Rather than throw out that plain old vinyl roller shade when upgrading your room, why not paint it and customize it for your decor? Here, I’ll show you how.
This roller shade started out a boring white but functional specimen. I began by rolling it open on a relatively flat surface that was protected by a dropcloth. It’s best to do this outside and away from the house because spray painting is very messy.
First, lightly spray the entire surface with a primer. Here I used gray primer because I’m going for a gray finish product. Remember, when working with spray paint, use a very light and consistent spray. Several light coats give better coverage than a single heavy coat.
After the primer dries, sweep or brush the primer to remove any dust or flakes. Be careful not to step or lean on the primed surface as you will leave a mark.
Use masking tape to create your pattern. I was mimicking a grid pattern from my valence, so I marked off a grid roughly twice the scale of the fabric grid. In this example, I used grid lines 8″ apart from each other. Laying a yardstick alongside the tape helps to keep it straight when laying out the lines.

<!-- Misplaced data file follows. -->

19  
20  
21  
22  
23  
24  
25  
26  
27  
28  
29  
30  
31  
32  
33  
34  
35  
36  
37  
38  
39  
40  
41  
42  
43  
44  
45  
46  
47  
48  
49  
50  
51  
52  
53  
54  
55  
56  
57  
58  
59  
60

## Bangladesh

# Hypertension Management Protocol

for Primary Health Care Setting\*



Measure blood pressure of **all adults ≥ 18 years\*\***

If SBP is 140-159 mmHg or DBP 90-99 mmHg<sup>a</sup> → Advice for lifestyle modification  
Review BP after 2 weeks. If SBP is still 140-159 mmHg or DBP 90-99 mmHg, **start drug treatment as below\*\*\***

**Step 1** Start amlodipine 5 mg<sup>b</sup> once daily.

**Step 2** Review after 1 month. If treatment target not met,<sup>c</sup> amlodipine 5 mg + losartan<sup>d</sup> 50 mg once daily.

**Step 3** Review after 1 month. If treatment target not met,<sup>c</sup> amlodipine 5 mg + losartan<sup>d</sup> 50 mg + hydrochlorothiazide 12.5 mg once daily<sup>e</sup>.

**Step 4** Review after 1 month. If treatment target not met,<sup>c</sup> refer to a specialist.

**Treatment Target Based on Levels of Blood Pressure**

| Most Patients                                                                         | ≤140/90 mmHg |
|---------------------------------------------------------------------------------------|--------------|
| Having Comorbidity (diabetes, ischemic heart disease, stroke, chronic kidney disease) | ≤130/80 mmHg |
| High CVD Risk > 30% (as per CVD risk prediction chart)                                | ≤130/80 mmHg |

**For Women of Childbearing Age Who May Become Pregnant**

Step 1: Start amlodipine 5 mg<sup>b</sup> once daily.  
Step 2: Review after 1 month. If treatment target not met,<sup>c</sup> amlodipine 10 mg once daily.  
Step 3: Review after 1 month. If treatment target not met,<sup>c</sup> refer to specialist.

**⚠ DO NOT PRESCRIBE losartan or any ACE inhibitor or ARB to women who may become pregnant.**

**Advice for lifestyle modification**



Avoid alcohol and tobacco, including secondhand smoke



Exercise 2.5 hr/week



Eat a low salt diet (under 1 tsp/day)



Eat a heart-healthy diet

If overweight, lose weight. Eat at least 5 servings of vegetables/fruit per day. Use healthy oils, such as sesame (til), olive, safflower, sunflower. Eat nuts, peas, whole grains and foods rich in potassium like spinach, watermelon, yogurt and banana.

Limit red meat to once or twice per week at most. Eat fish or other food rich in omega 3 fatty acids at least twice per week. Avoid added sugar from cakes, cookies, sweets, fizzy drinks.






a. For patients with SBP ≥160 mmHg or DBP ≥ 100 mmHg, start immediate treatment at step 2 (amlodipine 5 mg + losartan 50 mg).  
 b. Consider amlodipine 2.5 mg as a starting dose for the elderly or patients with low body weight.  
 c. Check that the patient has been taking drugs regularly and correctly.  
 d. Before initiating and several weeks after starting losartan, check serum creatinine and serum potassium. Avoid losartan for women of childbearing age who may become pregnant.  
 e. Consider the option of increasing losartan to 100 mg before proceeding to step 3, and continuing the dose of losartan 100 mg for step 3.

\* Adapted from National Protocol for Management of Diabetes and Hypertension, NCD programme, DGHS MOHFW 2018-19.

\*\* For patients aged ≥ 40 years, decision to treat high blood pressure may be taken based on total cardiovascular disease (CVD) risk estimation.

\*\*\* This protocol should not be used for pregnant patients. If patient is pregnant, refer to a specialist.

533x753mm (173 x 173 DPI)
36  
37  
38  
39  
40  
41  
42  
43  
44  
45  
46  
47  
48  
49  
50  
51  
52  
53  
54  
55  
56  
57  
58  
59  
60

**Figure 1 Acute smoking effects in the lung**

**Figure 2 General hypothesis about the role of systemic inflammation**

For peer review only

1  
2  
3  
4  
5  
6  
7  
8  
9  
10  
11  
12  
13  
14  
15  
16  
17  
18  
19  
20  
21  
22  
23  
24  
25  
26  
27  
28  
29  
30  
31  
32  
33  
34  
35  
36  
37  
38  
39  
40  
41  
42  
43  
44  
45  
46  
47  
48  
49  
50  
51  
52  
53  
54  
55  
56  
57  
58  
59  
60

Do your best to adhere the tape flat to the primed surface, since gaps will allow the paint to bleed and soften your lines. This is trickier than it sounds, since tape won’t adhere well to a primed surface. I tried both green Frog tape and 3M Delicate Surface low tack tape. The blue tape barely stuck and didn’t pull up any of the primer, while the Frog tape stuck a little too well.
Once all the tape lines are laid, apply a thin coat of spray paint. Here I used Rustoleum High Heat silver paint, leftover from another project, but with a nice sheen to it.
Let this coat dry at least an hour, then apply a second coat if desired. Here, I added a coat of Krylon Stainless Steel finish, to add more gray sheen.
Carefully remove the taped lines, being sure not to lean on the finished product.
The stainless paint finish leaves tiny flakes, so lightly brush or sweep it again.
That’s it. You don’t need many supplies for this little project.
The finished product has an antiqued look to it, but is still quite flexible and operates on the roller pins wonderfully.